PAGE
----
The Daily Digital Lock Dissenter, Day 18: Canadian Bar Association

The Canadian Bar Association, which represents 37,000 lawyers, law professors, and students from across the country, released an important submission on Bill C-32. The submission, which was approved as a public statement by both the National Intellectual Property and the Privacy and Access Law Sections of the CBA, did a nice job setting out the debate over Bill C-32 (I was once a member of the CBA’s Copyright Policy section but was not involved in the drafting of the Bill C-32 document).

The CBA submission is notable as a strong counter to the frequent attempts to characterize critics of digital lock rules or other elements of the bill as “anti-copyright.” Far from the claims that there is near unanimity in support of DMCA-style reforms, the CBA submission confirms that the legal experts who work on copyright issues on a daily basis are deeply divided on many issues. While some members supported the digital lock rules, there was a clear divide:

In sum, the Working Group concluded that it is important to have TPM provisions in the Copyright Act, in order to ratify the WIPO Internet Treaties, but no agreement was reached on the scope of the protection, the inclusion of devices and the scope of exceptions for TPMs. Some members of the Working Group believe that the Bill should be amended to remove the restrictions on circumvention devices, since improper use would be covered by the anti-circumvention provisions, and there is no need to restrict devices in order to ratify the WIPO Internet Treaties.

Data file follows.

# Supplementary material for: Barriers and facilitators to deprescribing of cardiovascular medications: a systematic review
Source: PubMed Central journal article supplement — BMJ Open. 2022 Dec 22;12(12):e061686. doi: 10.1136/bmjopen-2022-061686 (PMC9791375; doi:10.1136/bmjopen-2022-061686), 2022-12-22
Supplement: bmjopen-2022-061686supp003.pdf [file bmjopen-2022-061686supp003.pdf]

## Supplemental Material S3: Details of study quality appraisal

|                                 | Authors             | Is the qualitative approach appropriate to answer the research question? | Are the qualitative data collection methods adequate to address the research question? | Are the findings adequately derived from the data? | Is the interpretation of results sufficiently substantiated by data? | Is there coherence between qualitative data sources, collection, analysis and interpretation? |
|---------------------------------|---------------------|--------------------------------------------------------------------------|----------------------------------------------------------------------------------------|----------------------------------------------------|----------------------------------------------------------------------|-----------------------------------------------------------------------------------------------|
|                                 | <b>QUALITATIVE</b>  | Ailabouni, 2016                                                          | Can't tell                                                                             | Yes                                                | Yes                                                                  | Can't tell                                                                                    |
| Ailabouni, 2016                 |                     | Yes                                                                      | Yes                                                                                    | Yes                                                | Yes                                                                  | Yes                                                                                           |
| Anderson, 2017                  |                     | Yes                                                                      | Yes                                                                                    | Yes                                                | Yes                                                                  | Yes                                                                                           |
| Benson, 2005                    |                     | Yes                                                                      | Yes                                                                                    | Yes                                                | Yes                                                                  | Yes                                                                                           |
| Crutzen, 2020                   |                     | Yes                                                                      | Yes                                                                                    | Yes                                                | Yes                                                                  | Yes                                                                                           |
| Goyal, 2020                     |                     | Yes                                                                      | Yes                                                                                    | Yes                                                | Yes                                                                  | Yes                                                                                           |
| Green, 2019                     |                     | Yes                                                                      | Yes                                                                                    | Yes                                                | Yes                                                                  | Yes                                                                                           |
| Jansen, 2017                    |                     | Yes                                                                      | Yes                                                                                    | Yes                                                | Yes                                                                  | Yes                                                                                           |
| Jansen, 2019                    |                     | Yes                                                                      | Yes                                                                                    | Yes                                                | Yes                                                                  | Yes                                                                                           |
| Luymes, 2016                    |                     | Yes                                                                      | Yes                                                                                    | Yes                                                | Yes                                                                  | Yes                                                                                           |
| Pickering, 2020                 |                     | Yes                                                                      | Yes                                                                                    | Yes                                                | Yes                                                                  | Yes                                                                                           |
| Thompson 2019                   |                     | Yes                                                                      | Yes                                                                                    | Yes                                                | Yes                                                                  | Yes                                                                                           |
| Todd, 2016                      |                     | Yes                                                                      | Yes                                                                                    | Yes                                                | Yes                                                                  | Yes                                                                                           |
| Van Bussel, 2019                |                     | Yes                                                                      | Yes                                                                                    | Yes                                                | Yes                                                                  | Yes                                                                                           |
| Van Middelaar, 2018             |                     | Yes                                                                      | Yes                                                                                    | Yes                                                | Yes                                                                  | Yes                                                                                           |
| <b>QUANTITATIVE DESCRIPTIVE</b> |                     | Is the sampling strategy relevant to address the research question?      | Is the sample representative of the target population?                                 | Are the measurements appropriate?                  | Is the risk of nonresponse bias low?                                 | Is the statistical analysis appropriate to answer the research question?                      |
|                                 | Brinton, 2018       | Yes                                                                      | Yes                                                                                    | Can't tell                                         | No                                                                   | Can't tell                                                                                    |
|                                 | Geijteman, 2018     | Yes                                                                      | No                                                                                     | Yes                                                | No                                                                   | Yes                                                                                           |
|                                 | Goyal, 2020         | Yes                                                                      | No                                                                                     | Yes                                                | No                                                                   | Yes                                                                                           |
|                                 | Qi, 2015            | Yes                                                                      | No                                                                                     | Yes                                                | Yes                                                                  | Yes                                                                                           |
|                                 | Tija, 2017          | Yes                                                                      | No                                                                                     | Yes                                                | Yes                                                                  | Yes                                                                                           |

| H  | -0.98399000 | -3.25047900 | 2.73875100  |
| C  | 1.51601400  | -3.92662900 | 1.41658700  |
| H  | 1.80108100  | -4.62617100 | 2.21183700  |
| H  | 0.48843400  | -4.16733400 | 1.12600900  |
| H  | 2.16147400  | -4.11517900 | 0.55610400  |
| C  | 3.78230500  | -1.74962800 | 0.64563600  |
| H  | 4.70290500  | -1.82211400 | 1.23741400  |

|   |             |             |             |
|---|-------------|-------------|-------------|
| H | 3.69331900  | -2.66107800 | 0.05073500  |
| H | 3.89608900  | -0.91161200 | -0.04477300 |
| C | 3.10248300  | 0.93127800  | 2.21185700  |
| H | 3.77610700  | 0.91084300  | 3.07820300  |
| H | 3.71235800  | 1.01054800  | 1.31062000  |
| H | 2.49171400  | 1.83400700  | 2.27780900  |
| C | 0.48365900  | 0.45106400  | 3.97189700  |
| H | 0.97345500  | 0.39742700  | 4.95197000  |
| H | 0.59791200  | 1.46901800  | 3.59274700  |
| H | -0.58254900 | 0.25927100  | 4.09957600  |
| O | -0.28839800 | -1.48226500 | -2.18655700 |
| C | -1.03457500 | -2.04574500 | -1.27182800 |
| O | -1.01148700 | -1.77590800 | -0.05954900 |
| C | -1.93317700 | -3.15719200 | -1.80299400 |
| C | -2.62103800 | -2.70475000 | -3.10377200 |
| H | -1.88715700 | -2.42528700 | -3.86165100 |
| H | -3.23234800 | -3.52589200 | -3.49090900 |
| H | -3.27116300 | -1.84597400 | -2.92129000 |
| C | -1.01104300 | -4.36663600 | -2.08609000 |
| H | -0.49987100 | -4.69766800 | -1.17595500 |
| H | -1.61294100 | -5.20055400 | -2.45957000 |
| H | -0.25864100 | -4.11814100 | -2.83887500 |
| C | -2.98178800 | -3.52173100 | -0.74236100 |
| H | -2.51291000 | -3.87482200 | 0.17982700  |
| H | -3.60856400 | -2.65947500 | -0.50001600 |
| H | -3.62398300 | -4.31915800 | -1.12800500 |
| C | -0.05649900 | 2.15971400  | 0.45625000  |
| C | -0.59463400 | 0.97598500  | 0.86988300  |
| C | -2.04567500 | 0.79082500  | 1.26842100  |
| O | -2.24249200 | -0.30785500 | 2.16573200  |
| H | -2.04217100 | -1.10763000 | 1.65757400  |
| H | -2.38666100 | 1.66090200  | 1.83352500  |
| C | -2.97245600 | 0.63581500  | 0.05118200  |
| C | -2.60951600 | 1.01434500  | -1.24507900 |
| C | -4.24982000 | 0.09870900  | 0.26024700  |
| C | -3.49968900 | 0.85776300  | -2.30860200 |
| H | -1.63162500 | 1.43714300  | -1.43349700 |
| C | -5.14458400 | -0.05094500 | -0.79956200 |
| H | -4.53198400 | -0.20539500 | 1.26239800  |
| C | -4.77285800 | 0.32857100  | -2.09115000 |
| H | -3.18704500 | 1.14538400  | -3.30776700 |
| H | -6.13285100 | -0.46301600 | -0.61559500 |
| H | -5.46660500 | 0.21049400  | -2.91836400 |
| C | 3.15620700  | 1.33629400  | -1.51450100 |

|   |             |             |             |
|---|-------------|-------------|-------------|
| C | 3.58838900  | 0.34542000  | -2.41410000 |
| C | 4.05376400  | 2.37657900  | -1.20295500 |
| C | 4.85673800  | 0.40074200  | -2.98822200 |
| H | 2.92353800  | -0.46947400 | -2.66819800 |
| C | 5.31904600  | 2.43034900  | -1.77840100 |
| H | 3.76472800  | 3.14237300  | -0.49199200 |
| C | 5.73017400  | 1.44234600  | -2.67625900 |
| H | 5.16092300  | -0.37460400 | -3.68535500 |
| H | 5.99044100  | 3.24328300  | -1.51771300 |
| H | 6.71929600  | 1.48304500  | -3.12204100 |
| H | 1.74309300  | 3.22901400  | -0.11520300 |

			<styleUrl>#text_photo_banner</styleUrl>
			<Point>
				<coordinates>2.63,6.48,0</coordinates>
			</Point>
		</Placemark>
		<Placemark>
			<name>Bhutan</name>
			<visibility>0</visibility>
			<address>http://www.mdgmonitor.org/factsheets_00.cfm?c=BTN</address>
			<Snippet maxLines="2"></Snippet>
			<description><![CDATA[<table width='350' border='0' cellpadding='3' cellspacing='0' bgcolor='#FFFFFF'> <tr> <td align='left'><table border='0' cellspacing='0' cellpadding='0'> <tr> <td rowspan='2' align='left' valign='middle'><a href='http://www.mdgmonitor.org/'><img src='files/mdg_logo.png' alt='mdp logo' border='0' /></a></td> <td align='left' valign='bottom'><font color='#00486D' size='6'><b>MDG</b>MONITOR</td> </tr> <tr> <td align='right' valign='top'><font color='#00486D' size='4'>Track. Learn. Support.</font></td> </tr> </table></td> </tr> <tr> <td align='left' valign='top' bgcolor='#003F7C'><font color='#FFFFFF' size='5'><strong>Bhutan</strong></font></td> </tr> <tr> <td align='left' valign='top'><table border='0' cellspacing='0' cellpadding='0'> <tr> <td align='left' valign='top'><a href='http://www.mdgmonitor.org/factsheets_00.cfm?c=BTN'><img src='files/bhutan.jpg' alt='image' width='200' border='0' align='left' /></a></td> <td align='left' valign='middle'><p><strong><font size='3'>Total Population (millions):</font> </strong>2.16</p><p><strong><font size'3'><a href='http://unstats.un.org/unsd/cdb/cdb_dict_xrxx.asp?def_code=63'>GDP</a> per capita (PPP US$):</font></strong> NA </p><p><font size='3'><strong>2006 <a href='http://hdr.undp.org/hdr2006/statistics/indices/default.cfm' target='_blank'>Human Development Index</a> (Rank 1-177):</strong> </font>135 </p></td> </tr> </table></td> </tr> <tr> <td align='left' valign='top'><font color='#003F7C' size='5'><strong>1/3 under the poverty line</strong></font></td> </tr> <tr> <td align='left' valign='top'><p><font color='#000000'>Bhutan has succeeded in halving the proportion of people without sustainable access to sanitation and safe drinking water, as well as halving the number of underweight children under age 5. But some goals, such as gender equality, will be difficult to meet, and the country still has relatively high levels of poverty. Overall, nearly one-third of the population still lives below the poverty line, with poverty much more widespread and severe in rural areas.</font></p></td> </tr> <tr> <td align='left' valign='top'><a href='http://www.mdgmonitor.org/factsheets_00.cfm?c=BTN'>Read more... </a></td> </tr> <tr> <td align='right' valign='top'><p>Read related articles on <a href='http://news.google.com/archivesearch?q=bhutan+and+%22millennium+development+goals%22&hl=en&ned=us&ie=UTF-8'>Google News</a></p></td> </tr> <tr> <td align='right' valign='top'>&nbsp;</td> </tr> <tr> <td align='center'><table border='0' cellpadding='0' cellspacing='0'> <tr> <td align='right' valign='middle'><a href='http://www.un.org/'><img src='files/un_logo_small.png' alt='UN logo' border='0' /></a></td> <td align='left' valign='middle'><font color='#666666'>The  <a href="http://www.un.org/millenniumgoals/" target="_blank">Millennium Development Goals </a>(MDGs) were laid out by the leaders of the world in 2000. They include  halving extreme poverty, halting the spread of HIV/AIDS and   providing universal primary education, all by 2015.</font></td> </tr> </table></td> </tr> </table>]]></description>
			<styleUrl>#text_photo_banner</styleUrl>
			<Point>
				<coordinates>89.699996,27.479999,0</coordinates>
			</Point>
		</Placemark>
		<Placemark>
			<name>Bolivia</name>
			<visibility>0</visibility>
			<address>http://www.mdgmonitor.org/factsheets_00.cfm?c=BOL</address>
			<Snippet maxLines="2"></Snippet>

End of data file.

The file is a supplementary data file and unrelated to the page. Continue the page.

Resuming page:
Previous Daily Digital Locks: Provincial Resource Centre for the Visually Impaired (PRCVI) BC, Canadian Consumer Initiative, Retail Council of Canada, Canadian Council of Archives, Canadian Teachers’ Federation, Canadian Federation of Students, Canadian Civil Liberties Association, Documentary Organization of Canada, Canadian Library Association, Council of Ministers of Education Canada, Business Coalition for Balanced Copyright, Canadian Association of Research Libraries, Canadian Historical Association, Canadian National Institute for the Blind, Canadian Bookseller Association, Canadian Home and School Federation, Film Studies Association of Canada


  1. Spot on
    I think they’ve got it spot on.

    The problem with C-11 is that “circumvention tools” will be outlawed and that businesses will fear or give up to make any product that comes anywhere close to fiddling with a digital lock. The behaviour of the masses will follow suit and several kind of circumventions will eventually not be practically feasible, like hardware based ones. That’s the biggest loss.

    While everyone is focusing on the consequences the average users will face, it’s not what C-11 really wants to achieve. They want the tools for it gone.

  2. Good post
    I like this post a lot, it is really good initiative. Hopefully more successful project in that direction will be performed. Regards